The evolved nest is the description of the elements of the evolved holding environment. It involves not only responsiveness (the most studied and discussed) but nearly constant affectionate touch in the early years, breastfeeding on request for several years, responsive play mates with self-directed play, play in and connection to the natural world, a community of responsive caregivers, positive social support and climate for mother and child. (More here about the Evolved Nest.)
Offspring of other animals who are deprived of their typical nest are malformed (see Harry Harlow’s experiments). We have increasing amounts of data showing that humans who do not experience the evolved nest are wounded in many ways, from physiological to psychological, emotional, intellectual wellbeing.
It all comes back to mother, father, and other caregivers. To be an effective empathic caregiver of children requires one to heal the self first through self-knowledge, empathy towards one’s own woundedness, a commitment to healing and self-transformation. But it goes beyond the individual. Each parent needs to feel the support of the community and to be given the leisure needed to attend to baby’s needs. And baby needs to expand their sense of good enough holding to more than mother.
What’s an adult to do to get back on the path to self-realization? We discuss the psychosynthesis answer in the next post.
PRIMAL WOUND SERIES
Assagioli, Roberto (1973). The act of will. New York: Penguin.
Buber, M. (1958). I and Thou (R.G. Smith, trans.). New York: Charles Scribner’s Sons.
J. Cassidy, P. R. Shaver, J. Cassidy & P. R. Shaver (1999) (Eds.), Handbook of attachment: Theory, research, and clinical applications (2nd ed.) (pp. 503-531). New York, NY: Guilford Press.
Chamberlain, D. (1994). The sentient prenate: What every parent should know. Pre- and Perinatal Psychology Journal 9(1), 9-31.
Chamberlain, D. (1988). Babies remember birth. Los Angeles: Jeremy P. Tarcher. p. xx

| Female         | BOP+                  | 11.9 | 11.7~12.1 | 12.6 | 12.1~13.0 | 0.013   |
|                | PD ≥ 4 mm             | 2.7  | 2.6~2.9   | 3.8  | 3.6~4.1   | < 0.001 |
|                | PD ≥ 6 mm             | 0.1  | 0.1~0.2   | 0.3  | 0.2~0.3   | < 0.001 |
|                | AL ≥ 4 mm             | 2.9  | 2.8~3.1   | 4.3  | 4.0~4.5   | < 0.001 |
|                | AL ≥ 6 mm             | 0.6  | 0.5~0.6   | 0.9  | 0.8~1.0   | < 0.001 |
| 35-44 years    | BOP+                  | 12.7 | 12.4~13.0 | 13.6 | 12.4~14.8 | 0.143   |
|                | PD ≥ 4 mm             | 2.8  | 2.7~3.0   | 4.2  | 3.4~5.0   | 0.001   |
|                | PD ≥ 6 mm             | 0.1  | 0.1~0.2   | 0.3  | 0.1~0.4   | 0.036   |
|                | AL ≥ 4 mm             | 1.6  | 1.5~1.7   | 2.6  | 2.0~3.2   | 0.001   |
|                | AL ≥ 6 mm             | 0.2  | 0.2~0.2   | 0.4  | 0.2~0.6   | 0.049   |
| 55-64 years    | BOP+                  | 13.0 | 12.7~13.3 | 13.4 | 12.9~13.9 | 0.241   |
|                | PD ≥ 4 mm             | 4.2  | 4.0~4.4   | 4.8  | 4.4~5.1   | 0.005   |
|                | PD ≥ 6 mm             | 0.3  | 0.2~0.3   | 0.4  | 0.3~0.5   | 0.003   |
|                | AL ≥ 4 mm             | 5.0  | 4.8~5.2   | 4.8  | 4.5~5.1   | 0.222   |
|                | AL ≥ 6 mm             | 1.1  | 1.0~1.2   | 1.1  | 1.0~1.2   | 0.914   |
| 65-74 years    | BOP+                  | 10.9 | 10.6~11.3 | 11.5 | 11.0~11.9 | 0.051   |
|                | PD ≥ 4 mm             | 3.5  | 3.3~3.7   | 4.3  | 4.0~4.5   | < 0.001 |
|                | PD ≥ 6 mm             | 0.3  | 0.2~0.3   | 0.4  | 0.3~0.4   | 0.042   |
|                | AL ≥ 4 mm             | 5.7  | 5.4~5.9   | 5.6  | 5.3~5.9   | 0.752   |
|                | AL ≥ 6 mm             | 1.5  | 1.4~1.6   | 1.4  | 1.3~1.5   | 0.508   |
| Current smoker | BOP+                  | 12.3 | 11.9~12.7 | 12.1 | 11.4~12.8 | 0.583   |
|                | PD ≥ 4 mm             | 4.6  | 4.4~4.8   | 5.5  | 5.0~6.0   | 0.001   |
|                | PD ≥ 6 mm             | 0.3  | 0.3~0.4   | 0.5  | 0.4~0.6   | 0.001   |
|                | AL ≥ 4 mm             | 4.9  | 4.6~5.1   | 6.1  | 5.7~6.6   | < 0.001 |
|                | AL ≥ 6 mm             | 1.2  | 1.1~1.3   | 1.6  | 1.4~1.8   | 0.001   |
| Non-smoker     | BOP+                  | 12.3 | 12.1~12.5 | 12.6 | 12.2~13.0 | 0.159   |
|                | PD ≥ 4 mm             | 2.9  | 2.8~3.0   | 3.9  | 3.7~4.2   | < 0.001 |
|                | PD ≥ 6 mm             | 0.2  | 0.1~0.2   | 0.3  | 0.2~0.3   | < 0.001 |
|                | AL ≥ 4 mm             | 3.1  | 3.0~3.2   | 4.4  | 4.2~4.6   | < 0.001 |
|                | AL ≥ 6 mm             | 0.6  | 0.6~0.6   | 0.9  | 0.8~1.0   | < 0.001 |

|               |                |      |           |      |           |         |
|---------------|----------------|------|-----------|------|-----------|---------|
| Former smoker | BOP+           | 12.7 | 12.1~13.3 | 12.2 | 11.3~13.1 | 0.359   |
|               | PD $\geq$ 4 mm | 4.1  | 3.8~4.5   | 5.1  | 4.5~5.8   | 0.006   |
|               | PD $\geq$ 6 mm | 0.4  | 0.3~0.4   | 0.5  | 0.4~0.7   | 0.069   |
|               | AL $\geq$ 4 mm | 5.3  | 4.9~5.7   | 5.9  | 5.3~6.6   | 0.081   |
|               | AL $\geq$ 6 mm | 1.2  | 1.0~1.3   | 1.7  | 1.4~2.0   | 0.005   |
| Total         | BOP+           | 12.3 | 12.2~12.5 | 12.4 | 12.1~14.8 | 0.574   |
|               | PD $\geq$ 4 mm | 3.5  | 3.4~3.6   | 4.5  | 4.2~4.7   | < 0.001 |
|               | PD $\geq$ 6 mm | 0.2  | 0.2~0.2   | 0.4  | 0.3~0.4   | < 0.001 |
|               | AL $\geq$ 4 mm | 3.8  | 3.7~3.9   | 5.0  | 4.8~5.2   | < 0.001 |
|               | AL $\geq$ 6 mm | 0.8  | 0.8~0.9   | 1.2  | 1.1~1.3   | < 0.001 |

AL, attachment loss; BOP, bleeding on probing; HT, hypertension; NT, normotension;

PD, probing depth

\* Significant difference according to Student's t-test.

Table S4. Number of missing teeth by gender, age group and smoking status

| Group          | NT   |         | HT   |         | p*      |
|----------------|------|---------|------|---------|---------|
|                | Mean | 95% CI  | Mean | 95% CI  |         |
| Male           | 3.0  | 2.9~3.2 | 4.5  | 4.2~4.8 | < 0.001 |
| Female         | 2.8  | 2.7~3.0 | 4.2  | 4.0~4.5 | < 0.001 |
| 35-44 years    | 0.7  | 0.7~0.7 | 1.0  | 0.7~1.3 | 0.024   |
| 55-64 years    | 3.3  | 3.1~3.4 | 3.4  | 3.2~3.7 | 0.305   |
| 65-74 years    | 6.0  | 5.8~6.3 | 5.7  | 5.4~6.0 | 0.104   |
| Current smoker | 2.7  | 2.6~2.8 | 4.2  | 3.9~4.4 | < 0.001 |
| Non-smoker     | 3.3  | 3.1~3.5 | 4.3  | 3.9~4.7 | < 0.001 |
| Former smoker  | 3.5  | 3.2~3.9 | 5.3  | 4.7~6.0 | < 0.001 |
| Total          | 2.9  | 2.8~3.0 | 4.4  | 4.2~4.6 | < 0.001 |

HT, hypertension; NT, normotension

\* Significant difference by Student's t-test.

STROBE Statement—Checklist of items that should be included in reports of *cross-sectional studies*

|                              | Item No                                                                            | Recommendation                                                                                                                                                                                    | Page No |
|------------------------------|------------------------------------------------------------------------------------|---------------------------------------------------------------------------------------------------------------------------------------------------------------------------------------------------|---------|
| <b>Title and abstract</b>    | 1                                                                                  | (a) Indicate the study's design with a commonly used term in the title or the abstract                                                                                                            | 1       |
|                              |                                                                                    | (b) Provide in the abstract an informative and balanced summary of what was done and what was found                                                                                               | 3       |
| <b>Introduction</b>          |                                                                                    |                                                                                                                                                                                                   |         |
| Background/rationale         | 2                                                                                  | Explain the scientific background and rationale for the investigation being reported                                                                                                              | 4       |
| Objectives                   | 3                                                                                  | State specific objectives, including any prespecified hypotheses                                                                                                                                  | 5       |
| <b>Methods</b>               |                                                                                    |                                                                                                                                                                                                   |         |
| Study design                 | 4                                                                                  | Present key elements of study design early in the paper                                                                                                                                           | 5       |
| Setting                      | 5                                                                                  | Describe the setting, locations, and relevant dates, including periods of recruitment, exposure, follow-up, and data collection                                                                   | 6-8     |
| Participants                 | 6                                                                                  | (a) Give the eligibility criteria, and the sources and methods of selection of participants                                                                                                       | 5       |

deMause, L. (1974). The history of childhood: The untold story of child abuse. New York: Peter Bedrick Books.
Firman, John, & Gila, Ann. (1997). The Primal wound: A transpersonal view of trauma, addiction, and growth. Albany, NY: State University of New York.
—-A Psychotherapy of Love: Psychosynthesis in Practice (2010),
Kochanska, G. (2002). Committed compliance, moral self, and internalization: A mediational model. Developmental Psychology, 38, 339-351.
Kohut, H. (1984). How does analysis cure? in A. Goldberg (Ed.). Chicago: The University of Chicago Press.
Lewis, T., Amini, F., & Lannon, R. (2000). A General Theory of love. New York: Vintage.
Miller, A. (1981). The drama of the gifted child. New York: Basic Books.
Neumann, E. (1973). The child, R. Manheim, transl. London: Maresfield Library.
Richards, D.G. (1990). Dissociation and transformation. Journal of Humanistic Psychology, 30(3), 54-83.
Rowan, J. (1990). Subpersonalities: The people inside us. New York: Routledge.
Siegel, D. (1999). The developing mind: How relationships and the brain interact to shape who we are. New York: Guilford Press.
Stern, D.N. (1985). The interpersonal world of the infant. New York: Basic Books.
Stolorow, R.D., & Atwood, G.E. (1992). Contexts of being: The intersubjective foundations of psychological life. Hillsdale, NJ: The Analytic Press.
Verny, T., & Kelly, J. (1981). The secret life of the unborn child. New York: Dell.
Winnicott, D.W. (1987). The maturational processes and the facilitating environment. London: The Hogarth Press and the Institute of Psycho-Analysis.